At national level, the maximum terms of imprisonment must, at the least, meet certain thresholds ranging from one to ten years depending on the seriousness of the offence and depending on whether or not the child has reached the age of sexual consent. Incitement to commit an offence is also punishable.
A legal person may be held liable and sanctioned if the offence is committed for their benefit by a person who has decision-making powers. .
Several aggravating circumstances are provided for, specifically when the offence is committed against a particularly vulnerable child, or by a member of the child’s family, or where a person has abused a position of trust or authority, or also where the offender has previously been convicted of offences of the same nature
With regard to consensual sexual activities, the Directive leaves it to the discretion of Member States to decide whether or not certain practices are punishable where they involve persons who are close in age and in their degree of psychological and physical development or maturity, and which may be regarded as the normal discovery of sexuality.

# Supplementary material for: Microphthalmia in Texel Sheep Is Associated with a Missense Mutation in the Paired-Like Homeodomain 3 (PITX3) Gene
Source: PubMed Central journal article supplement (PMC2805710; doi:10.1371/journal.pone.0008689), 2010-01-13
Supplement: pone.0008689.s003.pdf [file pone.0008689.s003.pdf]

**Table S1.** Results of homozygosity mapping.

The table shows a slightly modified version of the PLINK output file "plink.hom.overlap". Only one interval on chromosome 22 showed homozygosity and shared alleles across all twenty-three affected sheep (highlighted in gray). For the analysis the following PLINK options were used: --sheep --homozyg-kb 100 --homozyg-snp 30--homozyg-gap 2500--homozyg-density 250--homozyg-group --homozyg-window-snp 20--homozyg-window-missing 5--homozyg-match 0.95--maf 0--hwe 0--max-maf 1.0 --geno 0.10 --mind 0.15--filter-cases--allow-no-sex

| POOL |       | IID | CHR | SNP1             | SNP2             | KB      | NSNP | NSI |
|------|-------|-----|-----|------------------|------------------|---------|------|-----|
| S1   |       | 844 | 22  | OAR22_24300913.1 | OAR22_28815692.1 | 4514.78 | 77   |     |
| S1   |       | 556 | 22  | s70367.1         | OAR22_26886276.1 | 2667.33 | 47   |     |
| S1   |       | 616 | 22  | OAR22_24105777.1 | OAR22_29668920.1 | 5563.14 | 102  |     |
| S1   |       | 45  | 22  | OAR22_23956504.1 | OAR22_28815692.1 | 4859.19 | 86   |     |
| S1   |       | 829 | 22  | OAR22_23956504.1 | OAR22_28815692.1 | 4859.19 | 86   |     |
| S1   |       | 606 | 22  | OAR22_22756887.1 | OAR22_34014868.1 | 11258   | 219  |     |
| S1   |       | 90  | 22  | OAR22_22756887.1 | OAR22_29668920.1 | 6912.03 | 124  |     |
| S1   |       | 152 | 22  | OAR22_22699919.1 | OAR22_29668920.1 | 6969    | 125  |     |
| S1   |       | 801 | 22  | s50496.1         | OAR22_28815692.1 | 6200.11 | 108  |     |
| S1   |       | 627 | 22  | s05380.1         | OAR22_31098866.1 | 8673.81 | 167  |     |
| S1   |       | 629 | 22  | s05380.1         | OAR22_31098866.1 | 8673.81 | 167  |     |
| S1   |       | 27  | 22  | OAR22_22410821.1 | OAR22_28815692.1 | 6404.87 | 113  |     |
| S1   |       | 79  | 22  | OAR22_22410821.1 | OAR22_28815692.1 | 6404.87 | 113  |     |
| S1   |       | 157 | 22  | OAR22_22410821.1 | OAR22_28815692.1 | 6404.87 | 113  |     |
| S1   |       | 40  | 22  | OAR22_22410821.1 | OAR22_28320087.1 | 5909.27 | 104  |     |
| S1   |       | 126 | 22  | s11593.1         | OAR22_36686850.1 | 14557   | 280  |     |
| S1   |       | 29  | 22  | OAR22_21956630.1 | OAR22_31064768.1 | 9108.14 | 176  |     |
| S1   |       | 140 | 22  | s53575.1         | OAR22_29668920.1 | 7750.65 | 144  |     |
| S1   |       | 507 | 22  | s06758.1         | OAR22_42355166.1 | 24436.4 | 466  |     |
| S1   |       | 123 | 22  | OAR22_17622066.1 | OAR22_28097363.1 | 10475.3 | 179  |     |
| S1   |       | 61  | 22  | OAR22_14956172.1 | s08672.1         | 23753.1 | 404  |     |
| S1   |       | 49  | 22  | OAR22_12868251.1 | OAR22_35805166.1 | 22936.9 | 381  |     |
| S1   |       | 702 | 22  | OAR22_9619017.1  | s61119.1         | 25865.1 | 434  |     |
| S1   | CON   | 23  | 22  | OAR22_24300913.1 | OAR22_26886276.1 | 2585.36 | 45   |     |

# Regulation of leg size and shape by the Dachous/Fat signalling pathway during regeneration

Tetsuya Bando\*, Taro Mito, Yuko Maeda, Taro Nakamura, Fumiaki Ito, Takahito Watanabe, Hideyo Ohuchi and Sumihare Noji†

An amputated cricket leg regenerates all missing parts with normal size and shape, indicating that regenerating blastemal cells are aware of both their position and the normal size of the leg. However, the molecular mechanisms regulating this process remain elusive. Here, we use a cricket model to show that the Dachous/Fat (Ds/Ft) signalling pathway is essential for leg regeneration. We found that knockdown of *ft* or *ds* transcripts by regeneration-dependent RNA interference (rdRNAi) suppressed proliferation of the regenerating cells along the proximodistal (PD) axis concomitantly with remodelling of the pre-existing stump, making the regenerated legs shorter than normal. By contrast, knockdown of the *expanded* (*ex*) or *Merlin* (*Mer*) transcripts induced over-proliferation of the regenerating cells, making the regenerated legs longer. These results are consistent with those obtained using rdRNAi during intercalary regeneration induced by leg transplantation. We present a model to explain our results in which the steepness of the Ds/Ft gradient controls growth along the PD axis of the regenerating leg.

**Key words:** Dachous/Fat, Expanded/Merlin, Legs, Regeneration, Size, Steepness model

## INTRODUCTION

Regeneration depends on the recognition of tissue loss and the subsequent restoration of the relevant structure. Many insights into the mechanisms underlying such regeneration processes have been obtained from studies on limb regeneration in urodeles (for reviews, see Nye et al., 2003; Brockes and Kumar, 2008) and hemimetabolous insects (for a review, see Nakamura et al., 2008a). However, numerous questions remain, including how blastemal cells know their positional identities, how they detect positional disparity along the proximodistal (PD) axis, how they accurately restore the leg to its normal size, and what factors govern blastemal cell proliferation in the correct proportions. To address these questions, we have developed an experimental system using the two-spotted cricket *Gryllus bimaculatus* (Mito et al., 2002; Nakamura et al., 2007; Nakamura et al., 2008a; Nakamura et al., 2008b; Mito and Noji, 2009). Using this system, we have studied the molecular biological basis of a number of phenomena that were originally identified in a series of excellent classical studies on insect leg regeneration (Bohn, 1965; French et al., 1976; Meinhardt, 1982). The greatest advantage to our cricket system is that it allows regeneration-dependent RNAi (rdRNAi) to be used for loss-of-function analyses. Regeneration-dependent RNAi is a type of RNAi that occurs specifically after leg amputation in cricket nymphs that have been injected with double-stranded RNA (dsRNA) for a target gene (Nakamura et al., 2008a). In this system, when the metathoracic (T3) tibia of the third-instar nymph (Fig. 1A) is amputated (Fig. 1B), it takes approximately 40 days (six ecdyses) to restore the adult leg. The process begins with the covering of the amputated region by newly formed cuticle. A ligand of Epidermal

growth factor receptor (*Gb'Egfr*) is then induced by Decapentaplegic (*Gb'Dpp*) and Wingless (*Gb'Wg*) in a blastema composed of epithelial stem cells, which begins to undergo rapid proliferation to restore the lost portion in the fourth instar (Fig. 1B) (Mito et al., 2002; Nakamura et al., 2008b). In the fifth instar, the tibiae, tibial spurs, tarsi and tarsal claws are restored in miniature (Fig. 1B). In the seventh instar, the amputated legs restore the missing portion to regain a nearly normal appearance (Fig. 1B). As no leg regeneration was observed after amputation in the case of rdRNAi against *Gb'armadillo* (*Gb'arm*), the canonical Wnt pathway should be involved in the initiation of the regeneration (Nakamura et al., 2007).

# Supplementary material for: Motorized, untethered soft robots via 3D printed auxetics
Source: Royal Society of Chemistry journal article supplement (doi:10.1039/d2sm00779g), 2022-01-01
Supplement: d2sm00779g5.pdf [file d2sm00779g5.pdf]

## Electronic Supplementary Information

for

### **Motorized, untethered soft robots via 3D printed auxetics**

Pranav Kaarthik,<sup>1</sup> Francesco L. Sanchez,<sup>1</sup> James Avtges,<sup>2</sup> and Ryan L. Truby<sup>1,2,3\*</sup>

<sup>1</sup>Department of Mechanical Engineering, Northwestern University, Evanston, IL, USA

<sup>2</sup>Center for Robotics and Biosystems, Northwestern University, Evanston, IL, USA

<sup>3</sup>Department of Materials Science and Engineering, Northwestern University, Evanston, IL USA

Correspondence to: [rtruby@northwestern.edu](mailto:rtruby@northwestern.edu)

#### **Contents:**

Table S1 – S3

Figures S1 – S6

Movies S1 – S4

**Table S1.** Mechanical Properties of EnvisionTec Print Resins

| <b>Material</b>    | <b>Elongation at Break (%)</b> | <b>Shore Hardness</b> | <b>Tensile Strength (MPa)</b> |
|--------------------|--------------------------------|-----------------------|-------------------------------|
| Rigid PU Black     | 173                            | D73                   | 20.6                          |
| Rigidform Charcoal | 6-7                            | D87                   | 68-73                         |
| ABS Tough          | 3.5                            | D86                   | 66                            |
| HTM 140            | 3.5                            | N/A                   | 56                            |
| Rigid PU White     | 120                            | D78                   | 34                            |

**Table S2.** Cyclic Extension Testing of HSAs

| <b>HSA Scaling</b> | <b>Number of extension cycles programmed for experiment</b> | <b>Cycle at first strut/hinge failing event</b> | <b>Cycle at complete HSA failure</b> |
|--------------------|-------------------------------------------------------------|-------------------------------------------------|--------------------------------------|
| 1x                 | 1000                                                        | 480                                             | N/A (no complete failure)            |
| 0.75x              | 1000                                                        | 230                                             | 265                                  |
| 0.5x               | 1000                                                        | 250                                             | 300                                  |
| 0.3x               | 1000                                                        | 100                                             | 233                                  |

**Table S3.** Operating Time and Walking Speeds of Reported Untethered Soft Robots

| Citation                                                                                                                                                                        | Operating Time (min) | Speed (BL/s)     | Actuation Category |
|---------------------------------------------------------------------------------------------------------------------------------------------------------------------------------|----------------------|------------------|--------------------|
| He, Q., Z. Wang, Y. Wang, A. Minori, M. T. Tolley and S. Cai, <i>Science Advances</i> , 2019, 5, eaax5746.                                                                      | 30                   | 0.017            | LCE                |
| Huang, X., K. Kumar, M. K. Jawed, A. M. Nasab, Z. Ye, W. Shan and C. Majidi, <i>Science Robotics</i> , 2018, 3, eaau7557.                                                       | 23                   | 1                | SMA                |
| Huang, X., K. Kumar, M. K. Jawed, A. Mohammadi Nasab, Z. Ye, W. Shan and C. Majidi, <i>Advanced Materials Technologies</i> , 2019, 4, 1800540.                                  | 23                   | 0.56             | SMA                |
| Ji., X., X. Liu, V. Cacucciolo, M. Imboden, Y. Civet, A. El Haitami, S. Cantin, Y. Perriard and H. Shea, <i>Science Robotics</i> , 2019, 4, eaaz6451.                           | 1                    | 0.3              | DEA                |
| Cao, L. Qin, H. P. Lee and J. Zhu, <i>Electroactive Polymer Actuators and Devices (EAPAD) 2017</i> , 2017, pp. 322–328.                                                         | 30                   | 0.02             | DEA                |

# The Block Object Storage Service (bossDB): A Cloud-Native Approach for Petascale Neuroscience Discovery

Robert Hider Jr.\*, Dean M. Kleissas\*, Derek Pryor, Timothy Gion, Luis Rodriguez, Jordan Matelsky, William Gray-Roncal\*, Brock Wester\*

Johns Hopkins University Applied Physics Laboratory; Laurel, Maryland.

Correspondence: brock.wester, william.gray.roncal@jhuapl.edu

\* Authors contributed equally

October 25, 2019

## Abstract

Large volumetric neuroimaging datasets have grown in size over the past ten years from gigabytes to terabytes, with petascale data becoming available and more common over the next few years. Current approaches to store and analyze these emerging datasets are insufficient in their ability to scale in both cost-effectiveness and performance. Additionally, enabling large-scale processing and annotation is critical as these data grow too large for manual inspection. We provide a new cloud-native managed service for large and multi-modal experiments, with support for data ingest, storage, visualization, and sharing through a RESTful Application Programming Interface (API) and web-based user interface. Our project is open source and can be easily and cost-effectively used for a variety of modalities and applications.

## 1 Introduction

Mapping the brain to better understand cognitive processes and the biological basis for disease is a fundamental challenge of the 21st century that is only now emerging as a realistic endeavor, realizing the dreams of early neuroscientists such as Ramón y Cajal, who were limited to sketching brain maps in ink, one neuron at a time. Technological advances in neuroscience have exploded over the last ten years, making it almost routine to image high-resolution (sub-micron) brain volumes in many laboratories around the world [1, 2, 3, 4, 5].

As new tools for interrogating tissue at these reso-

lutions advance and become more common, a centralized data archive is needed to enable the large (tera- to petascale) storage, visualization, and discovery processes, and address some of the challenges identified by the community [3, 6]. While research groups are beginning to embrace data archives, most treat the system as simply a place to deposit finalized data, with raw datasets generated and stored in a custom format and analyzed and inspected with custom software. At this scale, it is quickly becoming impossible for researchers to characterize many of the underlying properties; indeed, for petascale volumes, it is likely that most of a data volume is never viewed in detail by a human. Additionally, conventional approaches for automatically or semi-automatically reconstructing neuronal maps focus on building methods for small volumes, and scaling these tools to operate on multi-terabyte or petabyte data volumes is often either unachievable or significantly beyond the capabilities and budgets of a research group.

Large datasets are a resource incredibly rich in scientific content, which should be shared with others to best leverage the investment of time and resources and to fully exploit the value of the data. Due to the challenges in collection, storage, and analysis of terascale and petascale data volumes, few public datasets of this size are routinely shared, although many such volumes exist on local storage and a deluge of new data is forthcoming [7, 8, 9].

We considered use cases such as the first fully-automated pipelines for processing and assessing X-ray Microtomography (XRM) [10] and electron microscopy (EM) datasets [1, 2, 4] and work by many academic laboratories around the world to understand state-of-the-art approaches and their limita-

Professional activities involving contact with children
In order to avoid any risk of recidivism, a person convicted for one of the offences defined by this Directive must be prevented from exercising employment involving direct and regular contact with children.. The employers concerned must be able to request information on the existence of a conviction or a disqualification from exercising this type of employment. This information must also be sent to other Member States in order to prevent a paedophile from taking advantage of the free movement of workers within the EU by working with children in another country.
The organisation of trips aimed at committing acts of sexual abuse, sexual exploitation of children, and also child pornography, must also be banned. As these crimes often go unpunished in the countries where they took place, this Directive provides that Member States can try their citizens for offences of this type committed abroad.
Furthermore, along with their competency when an offence is committed on their territory or by one of their nationals, Member States may also extend their competency to offences committed abroad when the offender of the crime regularly resides in their territory, or if the offence has been committed on behalf of a legal person established in their territory, and also when the victim is one of their citizens.